‘Friends of Bridger-Teton’ invites local stewardship

Joy Ufford photo A group of people who love places in the Pinedale Ranger District talk with Sarah Walker, back right, about the new nonprofit ‘Friends of the Bridger- Teton.’

Plenty of people

who play and get away to the Bridger-Teton

National Forest have special places that mean

a lot to them – some they will share and others

they won’t.

Sarah Walker, director of the brand new

nonprofit Friends of the Bridger-Teton, introduced

herself to a several dozen of them at two

public meetings last week.

Last Tuesday, Feb. 12, at the Marbleton

senior center, she met with forest lovers who

live in the Big Piney Ranger District, which

includes the Wyoming Range as well as the

Gros Ventres and Hoback Basin. Big Piney

and Marbleton attendees talked with Walker

and District Ranger Don Kranendonk about

their perspectives of the Bridger-Teton National

Forest.

Walker explained that Friends of the

Bridger-Teton is still in the formative stages

and she is exploring the “stewardship aspect”

needed from the public in light of “really severe

Forest Service budget cuts.” Walker, who lives

in Dubois, does not work for the Forest Service

but has experience with nonprofits.

“There are five ranger districts across five

counties and we want to find out the ‘needs’ if

we had funding and boots on the ground,” she

said. “With community support we want to find

common themes for the entire forest that overlap

and would have volunteer support.”

She hopes to identify “on-the-ground improvement

projects” that could be cost- and

work-shared with other groups, individuals and

businesses.

“There are tons of grant opportunities out

there a nonprofit can apply for and partner with

existing groups for leverage,” Walker said.

“This is brainstorming for the groundwork.”

She added, while national forest budgets are

cut, more people are visiting them than ever.

People at Marbleton mainly addressed the

Wyoming Range, listing “trails that haven’t

seen a saw or ax in years.” Erosion along unmaintained

trails makes them even worse and

markers and signs have fallen over. One suggestion

was to connect the Wyoming Range

Trail – which hikers and bikers say is not

marked well at all – with one in the Kemmerer

district.

Mountain bikers commented that slopes of

existing hiking trails are too steep to navigate

easily and inclines could be re-graded. Lack of

road maintenance affects access to trailheads

and motorized users showed interest in offroad-

vehicle projects.

“We share half a recreation specialist with

Kemmerer,” Kranendonk said.

Walker asked if the group thought many

people would volunteer. Big Piney Town

Council member Aimee Davison said, “The

community here has lost so many people. I

think this is a great opportunity but there are

only this many people.”

She suggested setting up yurts that visitors

could hike, ski, ride or snowmobile to for an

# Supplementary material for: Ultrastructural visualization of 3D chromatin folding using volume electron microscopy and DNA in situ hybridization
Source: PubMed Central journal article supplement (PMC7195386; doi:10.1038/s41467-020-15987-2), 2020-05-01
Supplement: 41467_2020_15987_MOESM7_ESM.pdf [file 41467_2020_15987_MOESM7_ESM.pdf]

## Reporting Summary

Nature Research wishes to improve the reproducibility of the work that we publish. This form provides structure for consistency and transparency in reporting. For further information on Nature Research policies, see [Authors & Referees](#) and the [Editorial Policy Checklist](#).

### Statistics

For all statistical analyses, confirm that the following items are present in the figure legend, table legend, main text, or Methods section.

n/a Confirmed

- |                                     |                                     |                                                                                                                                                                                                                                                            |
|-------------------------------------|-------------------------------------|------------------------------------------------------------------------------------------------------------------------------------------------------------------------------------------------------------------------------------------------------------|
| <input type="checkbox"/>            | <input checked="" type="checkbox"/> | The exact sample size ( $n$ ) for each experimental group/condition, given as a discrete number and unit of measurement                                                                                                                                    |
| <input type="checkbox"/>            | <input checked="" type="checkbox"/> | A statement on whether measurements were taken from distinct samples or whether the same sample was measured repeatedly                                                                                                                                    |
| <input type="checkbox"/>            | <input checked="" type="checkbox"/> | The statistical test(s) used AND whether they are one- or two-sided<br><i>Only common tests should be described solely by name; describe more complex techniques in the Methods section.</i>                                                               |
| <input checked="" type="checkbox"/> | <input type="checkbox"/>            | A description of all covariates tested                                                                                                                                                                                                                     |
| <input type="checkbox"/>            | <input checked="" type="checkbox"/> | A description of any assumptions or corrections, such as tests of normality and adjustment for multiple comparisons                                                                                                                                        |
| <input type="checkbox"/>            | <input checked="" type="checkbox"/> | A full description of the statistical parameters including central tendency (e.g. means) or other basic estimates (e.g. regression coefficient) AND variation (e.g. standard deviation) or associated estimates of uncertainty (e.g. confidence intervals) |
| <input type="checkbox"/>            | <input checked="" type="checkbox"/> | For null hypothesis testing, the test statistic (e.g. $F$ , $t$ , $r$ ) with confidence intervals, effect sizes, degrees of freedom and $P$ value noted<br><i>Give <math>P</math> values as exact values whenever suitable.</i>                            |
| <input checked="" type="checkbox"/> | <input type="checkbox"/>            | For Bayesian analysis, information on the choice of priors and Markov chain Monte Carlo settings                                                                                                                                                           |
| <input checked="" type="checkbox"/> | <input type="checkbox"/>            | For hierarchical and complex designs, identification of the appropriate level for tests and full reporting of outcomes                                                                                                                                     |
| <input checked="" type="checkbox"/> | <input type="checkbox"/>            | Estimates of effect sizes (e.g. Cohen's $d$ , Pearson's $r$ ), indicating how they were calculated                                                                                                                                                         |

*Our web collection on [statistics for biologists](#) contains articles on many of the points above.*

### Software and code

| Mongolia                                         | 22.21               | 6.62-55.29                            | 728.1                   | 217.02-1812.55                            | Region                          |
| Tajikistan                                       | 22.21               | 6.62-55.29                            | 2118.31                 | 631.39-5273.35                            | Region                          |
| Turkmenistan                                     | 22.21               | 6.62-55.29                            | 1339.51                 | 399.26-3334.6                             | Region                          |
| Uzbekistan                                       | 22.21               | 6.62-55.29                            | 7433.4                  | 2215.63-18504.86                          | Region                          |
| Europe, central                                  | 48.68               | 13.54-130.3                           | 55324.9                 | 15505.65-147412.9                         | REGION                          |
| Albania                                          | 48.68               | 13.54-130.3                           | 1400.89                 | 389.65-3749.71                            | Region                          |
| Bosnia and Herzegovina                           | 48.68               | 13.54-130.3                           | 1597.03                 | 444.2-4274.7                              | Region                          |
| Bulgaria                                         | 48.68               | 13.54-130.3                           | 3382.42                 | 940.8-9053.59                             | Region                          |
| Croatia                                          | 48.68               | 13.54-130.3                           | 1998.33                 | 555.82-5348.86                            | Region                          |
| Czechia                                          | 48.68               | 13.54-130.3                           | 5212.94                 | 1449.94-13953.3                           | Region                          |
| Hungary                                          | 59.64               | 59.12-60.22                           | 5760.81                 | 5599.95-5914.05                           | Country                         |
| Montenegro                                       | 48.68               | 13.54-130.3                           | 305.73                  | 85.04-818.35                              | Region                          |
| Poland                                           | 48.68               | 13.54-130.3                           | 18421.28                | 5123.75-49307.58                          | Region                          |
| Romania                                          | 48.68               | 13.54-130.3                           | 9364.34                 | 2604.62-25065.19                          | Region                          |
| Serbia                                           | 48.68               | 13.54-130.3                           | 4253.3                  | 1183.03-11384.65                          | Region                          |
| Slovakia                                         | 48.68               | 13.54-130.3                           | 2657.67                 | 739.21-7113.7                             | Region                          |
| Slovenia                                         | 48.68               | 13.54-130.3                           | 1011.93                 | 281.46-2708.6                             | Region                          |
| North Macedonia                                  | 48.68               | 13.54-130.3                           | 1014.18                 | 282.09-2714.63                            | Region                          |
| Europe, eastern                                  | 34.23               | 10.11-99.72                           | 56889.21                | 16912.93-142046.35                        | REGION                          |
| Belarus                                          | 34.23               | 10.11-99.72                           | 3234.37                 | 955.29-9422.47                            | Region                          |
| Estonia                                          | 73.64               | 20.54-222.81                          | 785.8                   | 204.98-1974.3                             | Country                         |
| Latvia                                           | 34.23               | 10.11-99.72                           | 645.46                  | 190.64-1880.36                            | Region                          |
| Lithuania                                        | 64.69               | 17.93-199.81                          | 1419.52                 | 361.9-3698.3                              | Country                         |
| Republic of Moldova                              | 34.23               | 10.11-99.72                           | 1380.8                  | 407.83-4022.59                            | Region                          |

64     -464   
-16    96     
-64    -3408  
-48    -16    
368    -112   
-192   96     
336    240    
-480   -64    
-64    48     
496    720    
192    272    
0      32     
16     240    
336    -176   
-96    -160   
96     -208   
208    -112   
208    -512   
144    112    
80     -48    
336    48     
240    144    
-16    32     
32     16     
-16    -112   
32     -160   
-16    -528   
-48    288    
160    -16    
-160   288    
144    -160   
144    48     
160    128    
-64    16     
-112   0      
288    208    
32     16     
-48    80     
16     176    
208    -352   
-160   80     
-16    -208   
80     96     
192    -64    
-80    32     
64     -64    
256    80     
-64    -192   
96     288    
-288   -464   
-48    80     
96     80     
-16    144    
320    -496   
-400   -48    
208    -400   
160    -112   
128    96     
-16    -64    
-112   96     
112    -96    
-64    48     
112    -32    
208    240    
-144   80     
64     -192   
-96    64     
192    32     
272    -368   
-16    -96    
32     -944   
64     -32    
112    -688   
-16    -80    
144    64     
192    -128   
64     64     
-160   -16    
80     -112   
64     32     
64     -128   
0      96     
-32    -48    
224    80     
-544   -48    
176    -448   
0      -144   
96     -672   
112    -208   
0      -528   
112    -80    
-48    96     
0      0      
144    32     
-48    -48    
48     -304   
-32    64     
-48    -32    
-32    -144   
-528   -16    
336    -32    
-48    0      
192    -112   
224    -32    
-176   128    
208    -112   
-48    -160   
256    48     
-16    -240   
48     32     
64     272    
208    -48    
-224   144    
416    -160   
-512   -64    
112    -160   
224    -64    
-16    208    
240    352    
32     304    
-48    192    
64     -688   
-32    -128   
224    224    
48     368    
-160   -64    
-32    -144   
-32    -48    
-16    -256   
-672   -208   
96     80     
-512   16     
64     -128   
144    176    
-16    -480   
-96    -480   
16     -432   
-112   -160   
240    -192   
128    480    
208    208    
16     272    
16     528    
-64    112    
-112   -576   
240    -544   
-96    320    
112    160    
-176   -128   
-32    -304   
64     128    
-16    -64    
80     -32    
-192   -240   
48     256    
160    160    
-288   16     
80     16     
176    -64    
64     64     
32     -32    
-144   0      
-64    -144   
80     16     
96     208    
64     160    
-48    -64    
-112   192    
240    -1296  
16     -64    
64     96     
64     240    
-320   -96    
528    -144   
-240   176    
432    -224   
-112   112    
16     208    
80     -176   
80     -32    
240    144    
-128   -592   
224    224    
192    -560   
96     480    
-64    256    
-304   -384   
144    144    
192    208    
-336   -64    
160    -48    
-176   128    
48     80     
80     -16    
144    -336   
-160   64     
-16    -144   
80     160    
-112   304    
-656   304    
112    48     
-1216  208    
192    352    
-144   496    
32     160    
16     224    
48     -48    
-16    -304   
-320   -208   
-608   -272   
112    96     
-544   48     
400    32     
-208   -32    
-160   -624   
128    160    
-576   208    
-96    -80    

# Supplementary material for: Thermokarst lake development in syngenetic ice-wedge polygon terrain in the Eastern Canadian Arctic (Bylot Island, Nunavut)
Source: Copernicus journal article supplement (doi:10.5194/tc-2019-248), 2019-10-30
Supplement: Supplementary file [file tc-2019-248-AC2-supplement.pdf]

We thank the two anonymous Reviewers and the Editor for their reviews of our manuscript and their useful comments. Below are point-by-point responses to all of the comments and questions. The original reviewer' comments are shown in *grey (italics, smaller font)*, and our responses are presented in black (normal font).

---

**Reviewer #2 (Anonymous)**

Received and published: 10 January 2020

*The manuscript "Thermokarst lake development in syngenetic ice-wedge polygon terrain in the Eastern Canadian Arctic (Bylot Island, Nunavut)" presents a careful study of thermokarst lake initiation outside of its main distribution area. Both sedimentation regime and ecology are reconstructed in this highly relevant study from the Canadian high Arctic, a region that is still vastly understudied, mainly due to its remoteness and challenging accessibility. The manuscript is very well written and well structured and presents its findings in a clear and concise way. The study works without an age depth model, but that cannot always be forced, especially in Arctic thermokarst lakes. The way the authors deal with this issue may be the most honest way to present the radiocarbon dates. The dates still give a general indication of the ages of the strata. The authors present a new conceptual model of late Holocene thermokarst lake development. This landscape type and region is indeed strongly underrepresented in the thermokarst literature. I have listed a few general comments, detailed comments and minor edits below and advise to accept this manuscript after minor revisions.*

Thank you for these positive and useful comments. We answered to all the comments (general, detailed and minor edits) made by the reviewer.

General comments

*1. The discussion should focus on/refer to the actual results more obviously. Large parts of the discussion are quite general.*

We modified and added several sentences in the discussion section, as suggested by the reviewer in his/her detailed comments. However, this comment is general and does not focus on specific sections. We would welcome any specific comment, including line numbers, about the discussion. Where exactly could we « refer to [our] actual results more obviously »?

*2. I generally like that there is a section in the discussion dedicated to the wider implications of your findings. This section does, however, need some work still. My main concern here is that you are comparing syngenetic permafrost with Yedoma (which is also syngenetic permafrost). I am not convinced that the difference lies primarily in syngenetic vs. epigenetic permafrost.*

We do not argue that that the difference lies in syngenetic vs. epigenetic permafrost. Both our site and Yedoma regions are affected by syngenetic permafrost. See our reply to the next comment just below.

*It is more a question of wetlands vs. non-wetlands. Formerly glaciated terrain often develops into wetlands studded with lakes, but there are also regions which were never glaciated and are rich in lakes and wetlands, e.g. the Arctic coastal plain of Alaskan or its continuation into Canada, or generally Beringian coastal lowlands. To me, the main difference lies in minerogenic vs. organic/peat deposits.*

outing. The Sherman Guard Station will open

soon for overnight stays like the Hoback Guard

Station does, Kranendonk said.

With volunteer help, Snyder Basin Guard

Station could also be opened up, he added.

Kranendonk brought up Monument Ridge

and Dell Creek near Bondurant, where he

would like to see a “more effective” use of existing

– and closed – roads and trails. No one in

the group was from the Hoback Basin. Walker

said she might have a meeting in Bondurant to

gauge interest there.

The next evening, Walker spoke with a

larger group at the Pinedale Library with spe-

‘Friends of Bridger-Teton’ invites local stewardship

By Joy Ufford, [email protected]

cific concerns about trails, trailheads, bridges

and roads in the BTNF’s portion of the Wind

River Range. They brought up recreation by

ATVers, climbers, backcountry skiers, hikers,

riders and campers – from very experienced to

totally inexperienced.

Great Outdoor Shop co-owner Laura Hattan

said many people come in who plan to hike and

have no idea about the mountains – like where

they might find a bathroom.

“They won’t,” she said. “A lot of it is that

people just don’t know.”

Animal and human waste is a “hygienic

problem” and the group suggested collection

points for “litter bags.”

Pole Creek Trail that starts at Elkhart Park

is very popular but is eroded and blocked by

deadfall, some said. Defining a trail through

rocks at the Cirque of the Towers was another

comment. Better river crossings and fords

came up; Pinedale District Ranger Rob Hoelscher

said engineers are reviewing some now.

Kathy Raper of the Altitude Off-Road club

Joy Ufford photo

A group of people who love places in

the Pinedale Ranger District talk with

Sarah Walker, back right, about the

new nonprofit ‘Friends of the Bridger-

Teton.’

said they all carry chainsaws in their ATVs to

clear motorized access wherever they can.

Green River Lakes Road (dust control),

Union Pass Road (erosion) and other roads got

complaints. Hoelscher explained the district basically

has one crew for a two-week window.

“If you can pinpoint specific areas where

they are failing, or pull-offs, we are willing to

take donations and volunteer help,” he said.

He said he was pleased to hear what people

really thought. One forest user complained

about a dumpster that was near Union Pass

Road. Hoelscher said residents, not campers,

filled it up so he had it removed.

The Big Sandy trailhead also brought ideas

of moving a campground to expand the parking

lot.

More events are planned by “Friends of

Bridger-Teton” for communities around the

Bridger-Teton National Forest. For more information,

contact Sarah Walker at 302-699-2379

or [email protected]

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